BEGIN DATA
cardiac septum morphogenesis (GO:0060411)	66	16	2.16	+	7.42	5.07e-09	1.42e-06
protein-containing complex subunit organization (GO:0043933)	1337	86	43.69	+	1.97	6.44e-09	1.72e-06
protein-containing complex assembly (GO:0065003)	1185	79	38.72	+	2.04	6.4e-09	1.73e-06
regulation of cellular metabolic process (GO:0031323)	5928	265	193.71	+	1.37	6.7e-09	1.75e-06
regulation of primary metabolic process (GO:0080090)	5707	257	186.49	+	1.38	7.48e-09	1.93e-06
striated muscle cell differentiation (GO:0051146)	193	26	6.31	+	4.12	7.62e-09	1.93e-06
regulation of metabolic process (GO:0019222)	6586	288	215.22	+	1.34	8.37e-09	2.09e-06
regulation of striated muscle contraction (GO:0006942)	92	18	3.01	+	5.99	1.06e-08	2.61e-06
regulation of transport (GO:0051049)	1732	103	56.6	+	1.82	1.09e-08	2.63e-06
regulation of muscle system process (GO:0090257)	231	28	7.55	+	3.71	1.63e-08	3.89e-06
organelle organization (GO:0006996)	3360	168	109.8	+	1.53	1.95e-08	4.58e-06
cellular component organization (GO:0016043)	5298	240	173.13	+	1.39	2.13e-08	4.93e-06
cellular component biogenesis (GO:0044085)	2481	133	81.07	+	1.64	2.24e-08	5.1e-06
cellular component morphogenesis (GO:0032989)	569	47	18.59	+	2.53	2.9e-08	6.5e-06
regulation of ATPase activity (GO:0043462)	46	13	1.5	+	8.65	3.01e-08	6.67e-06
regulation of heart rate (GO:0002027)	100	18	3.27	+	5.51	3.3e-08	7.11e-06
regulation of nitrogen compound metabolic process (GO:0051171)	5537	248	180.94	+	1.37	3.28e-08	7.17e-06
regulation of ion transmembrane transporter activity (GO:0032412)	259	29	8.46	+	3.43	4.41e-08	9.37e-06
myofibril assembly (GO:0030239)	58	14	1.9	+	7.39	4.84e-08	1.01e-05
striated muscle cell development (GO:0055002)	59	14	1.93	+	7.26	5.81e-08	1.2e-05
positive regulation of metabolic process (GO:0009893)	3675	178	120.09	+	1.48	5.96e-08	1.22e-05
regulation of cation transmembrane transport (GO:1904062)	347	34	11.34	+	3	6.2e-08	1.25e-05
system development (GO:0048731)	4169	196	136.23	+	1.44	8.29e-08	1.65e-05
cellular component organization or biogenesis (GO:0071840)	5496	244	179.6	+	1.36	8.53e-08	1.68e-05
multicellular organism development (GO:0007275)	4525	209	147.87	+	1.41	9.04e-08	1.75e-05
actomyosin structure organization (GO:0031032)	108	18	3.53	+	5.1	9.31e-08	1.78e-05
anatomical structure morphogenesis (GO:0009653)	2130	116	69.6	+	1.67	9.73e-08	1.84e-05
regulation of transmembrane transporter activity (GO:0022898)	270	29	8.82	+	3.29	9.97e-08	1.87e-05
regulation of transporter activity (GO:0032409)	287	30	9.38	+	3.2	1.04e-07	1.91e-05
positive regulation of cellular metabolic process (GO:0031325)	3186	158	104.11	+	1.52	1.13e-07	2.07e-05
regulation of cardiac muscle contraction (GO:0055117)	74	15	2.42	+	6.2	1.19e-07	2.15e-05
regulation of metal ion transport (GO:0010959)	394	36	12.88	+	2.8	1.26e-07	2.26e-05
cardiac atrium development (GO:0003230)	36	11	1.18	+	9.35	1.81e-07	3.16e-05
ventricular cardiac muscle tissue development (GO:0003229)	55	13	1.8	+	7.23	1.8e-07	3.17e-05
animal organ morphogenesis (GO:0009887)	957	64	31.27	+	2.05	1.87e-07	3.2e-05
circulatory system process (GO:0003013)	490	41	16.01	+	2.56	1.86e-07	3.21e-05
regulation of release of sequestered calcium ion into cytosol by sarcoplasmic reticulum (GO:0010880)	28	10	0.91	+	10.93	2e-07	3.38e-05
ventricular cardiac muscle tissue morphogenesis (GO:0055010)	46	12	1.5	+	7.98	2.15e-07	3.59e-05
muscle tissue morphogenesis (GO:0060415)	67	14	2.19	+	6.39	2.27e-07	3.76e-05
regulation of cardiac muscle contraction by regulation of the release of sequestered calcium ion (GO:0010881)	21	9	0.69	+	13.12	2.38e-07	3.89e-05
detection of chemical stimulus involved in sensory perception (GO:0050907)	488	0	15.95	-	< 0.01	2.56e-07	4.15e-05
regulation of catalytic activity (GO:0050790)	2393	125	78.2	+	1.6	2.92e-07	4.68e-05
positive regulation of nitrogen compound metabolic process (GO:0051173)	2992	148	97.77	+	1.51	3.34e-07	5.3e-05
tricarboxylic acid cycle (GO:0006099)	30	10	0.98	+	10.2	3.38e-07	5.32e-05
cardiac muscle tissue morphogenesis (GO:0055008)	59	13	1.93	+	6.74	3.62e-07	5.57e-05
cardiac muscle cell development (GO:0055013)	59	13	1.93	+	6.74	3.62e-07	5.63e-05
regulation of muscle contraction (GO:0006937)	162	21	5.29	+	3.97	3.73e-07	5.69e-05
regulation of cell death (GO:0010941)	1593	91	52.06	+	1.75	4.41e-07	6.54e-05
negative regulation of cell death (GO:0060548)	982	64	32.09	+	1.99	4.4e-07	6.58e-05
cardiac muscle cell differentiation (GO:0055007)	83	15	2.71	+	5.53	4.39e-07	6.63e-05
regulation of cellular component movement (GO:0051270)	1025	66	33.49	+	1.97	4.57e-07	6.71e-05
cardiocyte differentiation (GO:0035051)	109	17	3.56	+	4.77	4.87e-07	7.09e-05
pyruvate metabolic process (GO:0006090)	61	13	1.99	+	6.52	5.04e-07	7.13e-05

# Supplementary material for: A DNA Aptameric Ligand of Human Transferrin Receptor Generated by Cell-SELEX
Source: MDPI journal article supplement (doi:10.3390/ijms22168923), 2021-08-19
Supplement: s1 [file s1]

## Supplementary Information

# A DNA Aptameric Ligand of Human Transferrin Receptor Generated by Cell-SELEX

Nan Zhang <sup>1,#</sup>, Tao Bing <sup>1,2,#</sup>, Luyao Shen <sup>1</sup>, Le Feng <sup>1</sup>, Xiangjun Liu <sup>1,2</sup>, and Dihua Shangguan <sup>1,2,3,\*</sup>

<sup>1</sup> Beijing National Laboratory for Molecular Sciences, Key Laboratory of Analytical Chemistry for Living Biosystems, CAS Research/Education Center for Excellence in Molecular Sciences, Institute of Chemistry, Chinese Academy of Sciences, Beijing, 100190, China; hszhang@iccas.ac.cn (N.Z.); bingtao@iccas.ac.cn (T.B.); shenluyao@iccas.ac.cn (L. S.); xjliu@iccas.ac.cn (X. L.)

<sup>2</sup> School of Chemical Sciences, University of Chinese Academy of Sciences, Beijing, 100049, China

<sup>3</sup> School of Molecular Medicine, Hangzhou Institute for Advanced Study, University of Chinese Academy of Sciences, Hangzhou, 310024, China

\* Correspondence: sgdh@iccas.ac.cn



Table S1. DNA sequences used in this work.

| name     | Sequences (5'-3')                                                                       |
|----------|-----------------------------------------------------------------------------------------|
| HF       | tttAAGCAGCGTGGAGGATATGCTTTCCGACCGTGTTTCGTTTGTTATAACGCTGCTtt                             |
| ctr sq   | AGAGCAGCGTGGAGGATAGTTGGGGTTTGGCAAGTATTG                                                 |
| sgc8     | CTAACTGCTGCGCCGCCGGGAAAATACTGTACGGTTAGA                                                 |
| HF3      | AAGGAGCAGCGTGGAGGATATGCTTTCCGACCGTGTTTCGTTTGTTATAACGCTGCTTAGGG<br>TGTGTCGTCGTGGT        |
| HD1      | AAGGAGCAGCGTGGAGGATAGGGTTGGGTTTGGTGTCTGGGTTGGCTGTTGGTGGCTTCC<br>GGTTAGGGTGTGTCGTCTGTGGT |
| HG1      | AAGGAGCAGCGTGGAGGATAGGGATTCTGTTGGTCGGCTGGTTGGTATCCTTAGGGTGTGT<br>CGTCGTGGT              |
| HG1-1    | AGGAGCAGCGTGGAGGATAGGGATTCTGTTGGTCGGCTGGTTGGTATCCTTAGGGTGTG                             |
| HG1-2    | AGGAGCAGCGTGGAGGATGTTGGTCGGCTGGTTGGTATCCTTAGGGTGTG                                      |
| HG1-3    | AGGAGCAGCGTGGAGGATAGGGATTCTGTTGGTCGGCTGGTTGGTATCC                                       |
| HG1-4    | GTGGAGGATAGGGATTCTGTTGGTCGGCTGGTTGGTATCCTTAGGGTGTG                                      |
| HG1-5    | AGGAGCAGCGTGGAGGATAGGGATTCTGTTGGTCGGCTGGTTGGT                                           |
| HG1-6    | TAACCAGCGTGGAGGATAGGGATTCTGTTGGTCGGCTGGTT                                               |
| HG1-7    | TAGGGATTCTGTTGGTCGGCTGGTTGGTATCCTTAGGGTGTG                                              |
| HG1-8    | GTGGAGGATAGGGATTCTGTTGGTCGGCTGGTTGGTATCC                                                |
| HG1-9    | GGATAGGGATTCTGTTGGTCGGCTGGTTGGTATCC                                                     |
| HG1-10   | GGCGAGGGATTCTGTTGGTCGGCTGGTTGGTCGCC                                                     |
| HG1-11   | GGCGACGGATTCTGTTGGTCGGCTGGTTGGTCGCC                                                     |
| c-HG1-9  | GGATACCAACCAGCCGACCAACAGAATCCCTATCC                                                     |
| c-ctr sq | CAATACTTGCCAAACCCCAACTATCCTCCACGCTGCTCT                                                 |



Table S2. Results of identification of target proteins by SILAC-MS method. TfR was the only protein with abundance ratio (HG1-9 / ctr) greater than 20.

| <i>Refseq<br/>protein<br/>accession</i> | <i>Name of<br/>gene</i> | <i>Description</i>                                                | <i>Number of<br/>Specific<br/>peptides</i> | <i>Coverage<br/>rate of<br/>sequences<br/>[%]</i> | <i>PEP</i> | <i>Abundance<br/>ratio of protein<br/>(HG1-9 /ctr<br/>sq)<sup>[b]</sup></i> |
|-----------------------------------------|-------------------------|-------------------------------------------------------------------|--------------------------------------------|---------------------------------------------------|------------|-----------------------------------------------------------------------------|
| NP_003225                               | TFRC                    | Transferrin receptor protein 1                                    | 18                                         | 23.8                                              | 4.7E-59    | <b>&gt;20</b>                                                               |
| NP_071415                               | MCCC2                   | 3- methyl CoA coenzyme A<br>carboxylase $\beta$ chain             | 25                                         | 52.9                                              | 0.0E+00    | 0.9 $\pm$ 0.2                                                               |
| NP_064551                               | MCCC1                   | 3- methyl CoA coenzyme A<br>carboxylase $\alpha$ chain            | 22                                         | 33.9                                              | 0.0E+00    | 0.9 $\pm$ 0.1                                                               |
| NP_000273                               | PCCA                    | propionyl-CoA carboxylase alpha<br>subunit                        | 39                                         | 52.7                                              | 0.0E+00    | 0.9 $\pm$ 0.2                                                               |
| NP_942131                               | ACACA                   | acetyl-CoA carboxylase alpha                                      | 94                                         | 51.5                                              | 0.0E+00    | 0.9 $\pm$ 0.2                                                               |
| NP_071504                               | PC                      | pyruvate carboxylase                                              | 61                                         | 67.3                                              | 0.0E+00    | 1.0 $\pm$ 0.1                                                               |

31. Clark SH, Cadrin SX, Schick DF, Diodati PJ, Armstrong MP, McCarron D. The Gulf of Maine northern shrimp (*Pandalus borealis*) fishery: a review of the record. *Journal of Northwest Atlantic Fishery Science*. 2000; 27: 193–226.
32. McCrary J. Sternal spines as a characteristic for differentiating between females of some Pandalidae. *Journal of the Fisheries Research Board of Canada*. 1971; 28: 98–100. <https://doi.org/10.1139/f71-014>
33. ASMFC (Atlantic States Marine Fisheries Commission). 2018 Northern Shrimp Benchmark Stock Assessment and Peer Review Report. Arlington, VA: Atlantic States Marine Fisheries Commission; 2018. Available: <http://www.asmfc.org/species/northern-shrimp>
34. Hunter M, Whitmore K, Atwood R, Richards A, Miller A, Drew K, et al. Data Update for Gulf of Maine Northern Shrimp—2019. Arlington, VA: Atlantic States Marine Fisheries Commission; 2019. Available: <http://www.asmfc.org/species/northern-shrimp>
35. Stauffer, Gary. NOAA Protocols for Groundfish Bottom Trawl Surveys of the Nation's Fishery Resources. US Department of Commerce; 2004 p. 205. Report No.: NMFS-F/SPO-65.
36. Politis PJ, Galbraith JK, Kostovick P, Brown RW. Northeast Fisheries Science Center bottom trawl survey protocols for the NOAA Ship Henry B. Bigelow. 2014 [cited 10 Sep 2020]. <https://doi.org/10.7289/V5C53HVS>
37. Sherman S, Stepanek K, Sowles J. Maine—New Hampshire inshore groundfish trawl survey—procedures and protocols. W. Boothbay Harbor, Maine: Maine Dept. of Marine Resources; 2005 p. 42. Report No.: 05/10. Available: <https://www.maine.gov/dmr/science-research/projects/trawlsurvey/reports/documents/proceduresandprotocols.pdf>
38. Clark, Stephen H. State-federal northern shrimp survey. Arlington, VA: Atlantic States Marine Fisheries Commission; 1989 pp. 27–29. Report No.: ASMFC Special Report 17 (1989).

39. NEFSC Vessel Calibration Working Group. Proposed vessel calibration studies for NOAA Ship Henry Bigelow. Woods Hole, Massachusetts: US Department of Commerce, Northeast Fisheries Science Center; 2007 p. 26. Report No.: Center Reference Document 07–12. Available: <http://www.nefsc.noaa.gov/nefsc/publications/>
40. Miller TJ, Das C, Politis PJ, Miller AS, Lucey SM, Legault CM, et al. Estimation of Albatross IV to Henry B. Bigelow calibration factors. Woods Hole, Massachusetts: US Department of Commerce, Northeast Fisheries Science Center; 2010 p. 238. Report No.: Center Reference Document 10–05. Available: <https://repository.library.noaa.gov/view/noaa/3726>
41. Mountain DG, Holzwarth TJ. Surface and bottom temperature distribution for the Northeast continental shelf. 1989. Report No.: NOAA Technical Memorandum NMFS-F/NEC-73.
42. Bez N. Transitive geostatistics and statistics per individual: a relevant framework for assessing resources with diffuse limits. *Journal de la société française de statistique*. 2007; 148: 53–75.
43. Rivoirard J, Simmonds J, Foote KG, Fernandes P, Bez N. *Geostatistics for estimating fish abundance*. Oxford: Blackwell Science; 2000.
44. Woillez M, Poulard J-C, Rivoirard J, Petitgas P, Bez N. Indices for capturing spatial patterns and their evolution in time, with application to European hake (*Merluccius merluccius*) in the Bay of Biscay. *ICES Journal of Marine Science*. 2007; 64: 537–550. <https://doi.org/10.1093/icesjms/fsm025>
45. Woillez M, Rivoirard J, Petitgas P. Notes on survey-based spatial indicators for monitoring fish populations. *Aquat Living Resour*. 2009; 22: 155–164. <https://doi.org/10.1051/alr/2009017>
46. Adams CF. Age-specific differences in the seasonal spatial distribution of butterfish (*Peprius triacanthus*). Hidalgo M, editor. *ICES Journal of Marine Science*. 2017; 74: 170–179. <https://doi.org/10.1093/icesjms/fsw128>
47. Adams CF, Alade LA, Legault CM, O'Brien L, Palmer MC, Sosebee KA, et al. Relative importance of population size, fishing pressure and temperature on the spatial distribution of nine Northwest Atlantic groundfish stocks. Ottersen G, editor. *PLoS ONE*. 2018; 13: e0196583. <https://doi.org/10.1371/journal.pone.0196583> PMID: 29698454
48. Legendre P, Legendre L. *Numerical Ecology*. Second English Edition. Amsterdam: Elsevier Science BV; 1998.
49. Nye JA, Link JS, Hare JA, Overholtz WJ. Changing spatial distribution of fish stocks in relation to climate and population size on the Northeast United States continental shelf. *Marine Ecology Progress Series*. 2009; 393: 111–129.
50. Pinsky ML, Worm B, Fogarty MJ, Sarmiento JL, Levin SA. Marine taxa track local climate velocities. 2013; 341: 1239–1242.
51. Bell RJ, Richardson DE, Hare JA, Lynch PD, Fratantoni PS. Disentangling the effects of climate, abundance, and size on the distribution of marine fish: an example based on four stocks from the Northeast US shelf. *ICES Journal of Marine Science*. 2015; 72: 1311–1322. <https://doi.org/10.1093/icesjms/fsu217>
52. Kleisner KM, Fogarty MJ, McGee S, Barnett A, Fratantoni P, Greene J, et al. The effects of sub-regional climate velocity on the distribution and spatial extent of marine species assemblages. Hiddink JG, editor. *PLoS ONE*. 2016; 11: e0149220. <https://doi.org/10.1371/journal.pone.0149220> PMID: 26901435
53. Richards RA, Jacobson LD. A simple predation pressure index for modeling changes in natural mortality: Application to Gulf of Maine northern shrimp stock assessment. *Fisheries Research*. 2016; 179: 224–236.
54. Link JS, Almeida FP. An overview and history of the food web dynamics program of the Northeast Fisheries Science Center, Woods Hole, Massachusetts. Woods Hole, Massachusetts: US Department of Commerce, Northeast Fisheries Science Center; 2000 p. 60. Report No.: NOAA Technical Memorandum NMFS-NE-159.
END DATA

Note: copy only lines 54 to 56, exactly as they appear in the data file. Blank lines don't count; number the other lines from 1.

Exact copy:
# Supplementary material for: A DNA Aptameric Ligand of Human Transferrin Receptor Generated by Cell-SELEX
Source: MDPI journal article supplement (doi:10.3390/ijms22168923), 2021-08-19
Supplement: s1 [file s1]